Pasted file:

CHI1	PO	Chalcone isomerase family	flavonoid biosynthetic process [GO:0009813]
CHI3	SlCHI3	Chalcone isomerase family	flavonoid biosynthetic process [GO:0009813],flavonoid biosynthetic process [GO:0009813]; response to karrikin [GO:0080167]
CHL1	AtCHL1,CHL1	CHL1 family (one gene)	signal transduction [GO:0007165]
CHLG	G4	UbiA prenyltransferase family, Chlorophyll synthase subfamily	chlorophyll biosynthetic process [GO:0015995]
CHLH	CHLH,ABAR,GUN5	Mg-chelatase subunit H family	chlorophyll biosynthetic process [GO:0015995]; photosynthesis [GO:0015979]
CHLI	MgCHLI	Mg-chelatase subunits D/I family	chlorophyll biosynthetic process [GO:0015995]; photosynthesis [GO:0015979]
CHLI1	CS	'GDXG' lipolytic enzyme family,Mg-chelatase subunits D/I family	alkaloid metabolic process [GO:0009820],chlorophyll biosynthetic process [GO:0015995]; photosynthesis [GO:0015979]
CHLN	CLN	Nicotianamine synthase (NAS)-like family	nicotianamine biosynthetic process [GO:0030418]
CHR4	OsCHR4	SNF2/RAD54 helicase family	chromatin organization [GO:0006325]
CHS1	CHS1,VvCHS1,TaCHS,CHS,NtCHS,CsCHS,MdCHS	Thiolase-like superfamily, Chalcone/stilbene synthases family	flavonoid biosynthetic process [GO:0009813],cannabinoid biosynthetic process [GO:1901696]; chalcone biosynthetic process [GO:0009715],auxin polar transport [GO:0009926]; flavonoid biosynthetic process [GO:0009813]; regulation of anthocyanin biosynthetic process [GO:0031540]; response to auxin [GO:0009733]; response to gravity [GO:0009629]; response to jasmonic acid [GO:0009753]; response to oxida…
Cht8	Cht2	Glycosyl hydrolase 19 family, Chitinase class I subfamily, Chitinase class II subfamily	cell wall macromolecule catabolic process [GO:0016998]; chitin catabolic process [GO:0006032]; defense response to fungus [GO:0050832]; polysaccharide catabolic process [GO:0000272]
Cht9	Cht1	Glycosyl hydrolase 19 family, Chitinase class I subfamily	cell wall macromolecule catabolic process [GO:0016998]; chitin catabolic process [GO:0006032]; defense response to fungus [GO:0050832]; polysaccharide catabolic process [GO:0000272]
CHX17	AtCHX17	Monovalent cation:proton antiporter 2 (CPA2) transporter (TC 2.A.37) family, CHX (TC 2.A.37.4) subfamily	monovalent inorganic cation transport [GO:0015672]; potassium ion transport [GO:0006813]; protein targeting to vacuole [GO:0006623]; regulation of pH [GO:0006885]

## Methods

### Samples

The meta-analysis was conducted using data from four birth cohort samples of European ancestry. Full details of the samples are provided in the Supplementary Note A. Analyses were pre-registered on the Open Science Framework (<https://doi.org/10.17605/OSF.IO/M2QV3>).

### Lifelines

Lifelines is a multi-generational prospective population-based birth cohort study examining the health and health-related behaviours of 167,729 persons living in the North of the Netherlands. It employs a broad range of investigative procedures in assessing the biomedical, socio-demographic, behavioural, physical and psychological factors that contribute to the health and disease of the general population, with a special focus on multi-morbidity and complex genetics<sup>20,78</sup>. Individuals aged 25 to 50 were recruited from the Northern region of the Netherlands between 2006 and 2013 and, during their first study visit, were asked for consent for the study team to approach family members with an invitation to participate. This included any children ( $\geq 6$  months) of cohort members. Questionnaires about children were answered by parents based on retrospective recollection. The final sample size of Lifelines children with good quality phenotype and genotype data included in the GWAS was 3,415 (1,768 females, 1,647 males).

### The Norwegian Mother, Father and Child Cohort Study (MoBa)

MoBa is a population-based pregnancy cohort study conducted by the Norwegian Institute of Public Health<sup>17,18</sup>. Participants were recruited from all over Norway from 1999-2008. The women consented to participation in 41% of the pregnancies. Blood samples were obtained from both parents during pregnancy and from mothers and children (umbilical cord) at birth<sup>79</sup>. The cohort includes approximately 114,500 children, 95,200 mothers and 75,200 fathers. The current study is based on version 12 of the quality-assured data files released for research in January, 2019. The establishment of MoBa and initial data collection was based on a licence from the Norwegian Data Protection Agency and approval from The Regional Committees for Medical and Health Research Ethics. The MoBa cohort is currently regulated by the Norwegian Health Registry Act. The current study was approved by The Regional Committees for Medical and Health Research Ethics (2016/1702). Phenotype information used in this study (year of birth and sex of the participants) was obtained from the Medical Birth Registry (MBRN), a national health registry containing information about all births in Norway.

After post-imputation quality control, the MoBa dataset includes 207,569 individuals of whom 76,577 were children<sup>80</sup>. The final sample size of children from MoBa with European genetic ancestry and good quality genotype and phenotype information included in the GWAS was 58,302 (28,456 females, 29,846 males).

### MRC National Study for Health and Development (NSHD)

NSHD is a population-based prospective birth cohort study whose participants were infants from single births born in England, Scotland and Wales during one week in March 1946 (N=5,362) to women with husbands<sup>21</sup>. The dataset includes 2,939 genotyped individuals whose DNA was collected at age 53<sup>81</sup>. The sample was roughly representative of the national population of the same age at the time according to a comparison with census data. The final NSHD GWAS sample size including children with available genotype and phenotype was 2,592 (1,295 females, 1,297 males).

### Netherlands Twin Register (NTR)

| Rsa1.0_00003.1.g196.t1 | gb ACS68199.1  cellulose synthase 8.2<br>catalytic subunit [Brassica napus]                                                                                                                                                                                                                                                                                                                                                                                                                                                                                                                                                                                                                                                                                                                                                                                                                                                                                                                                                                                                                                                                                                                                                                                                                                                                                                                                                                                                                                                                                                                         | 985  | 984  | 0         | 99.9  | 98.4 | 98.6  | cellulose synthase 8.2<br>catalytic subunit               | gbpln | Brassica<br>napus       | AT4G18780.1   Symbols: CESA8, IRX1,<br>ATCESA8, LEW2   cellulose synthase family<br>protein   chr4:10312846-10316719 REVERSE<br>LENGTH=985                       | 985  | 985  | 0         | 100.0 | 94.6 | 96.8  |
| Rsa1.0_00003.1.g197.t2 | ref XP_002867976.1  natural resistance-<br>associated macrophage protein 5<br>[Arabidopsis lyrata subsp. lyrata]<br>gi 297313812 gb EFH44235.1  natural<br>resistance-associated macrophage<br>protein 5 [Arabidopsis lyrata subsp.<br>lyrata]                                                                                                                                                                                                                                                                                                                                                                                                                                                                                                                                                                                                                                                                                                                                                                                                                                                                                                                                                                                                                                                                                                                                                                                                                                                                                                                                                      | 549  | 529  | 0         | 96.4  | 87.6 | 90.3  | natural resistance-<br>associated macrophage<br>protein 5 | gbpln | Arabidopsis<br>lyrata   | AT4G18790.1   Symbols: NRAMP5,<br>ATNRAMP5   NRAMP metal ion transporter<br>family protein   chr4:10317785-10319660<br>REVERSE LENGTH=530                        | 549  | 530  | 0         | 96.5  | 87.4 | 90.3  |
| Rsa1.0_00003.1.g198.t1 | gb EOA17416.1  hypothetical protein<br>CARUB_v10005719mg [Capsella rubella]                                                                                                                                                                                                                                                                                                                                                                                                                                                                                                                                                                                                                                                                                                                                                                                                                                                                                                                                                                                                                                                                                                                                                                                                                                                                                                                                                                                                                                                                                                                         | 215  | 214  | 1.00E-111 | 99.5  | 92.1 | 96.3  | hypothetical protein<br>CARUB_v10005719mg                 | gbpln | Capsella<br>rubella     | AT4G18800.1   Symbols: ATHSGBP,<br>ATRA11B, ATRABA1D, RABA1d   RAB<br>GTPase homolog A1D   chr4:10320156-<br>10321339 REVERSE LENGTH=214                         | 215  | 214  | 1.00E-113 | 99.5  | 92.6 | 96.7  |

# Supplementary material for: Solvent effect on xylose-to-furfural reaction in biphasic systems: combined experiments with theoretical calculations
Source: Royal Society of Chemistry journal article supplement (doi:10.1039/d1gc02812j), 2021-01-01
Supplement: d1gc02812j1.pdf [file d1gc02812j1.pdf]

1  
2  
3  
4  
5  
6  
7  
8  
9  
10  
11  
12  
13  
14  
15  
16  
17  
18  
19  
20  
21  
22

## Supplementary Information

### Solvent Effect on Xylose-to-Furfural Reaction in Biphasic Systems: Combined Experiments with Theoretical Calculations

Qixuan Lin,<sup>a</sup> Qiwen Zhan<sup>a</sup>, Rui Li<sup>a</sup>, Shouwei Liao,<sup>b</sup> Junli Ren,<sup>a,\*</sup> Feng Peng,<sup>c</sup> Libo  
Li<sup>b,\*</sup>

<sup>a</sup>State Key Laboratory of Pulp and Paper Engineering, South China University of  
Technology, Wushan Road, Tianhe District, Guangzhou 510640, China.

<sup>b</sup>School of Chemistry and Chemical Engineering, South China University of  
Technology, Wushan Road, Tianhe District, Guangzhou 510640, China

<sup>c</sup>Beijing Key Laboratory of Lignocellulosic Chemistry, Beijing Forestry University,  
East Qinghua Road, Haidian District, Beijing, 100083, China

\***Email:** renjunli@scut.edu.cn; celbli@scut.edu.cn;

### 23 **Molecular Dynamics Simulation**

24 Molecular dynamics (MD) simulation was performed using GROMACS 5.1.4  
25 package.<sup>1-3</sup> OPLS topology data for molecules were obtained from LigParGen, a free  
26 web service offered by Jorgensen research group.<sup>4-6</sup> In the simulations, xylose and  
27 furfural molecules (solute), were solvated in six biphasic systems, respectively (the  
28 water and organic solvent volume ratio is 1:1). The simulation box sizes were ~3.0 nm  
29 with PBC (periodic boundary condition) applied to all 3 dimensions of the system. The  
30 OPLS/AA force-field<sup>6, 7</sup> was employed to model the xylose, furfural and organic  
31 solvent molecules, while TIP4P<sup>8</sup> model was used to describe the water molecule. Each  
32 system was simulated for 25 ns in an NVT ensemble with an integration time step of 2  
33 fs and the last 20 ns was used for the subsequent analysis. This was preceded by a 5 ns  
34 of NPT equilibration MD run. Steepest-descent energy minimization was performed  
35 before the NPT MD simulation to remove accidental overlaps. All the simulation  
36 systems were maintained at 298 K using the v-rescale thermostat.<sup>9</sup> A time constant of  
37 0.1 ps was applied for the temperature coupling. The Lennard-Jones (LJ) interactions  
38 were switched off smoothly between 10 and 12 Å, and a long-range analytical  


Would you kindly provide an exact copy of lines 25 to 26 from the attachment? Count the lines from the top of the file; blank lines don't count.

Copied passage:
| Rsa1.0_00003.1.g196.t1 | gb ACS68199.1  cellulose synthase 8.2<br>catalytic subunit [Brassica napus]                                                                                                                                                                                                                                                                                                                                                                                                                                                                                                                                                                                                                                                                                                                                                                                                                                                                                                                                                                                                                                                                                                                                                                                                                                                                                                                                                                                                                                                                                                                         | 985  | 984  | 0         | 99.9  | 98.4 | 98.6  | cellulose synthase 8.2<br>catalytic subunit               | gbpln | Brassica<br>napus       | AT4G18780.1   Symbols: CESA8, IRX1,<br>ATCESA8, LEW2   cellulose synthase family<br>protein   chr4:10312846-10316719 REVERSE<br>LENGTH=985                       | 985  | 985  | 0         | 100.0 | 94.6 | 96.8  |
| Rsa1.0_00003.1.g197.t2 | ref XP_002867976.1  natural resistance-<br>associated macrophage protein 5<br>[Arabidopsis lyrata subsp. lyrata]<br>gi 297313812 gb EFH44235.1  natural<br>resistance-associated macrophage<br>protein 5 [Arabidopsis lyrata subsp.<br>lyrata]                                                                                                                                                                                                                                                                                                                                                                                                                                                                                                                                                                                                                                                                                                                                                                                                                                                                                                                                                                                                                                                                                                                                                                                                                                                                                                                                                      | 549  | 529  | 0         | 96.4  | 87.6 | 90.3  | natural resistance-<br>associated macrophage<br>protein 5 | gbpln | Arabidopsis<br>lyrata   | AT4G18790.1   Symbols: NRAMP5,<br>ATNRAMP5   NRAMP metal ion transporter<br>family protein   chr4:10317785-10319660<br>REVERSE LENGTH=530                        | 549  | 530  | 0         | 96.5  | 87.4 | 90.3  |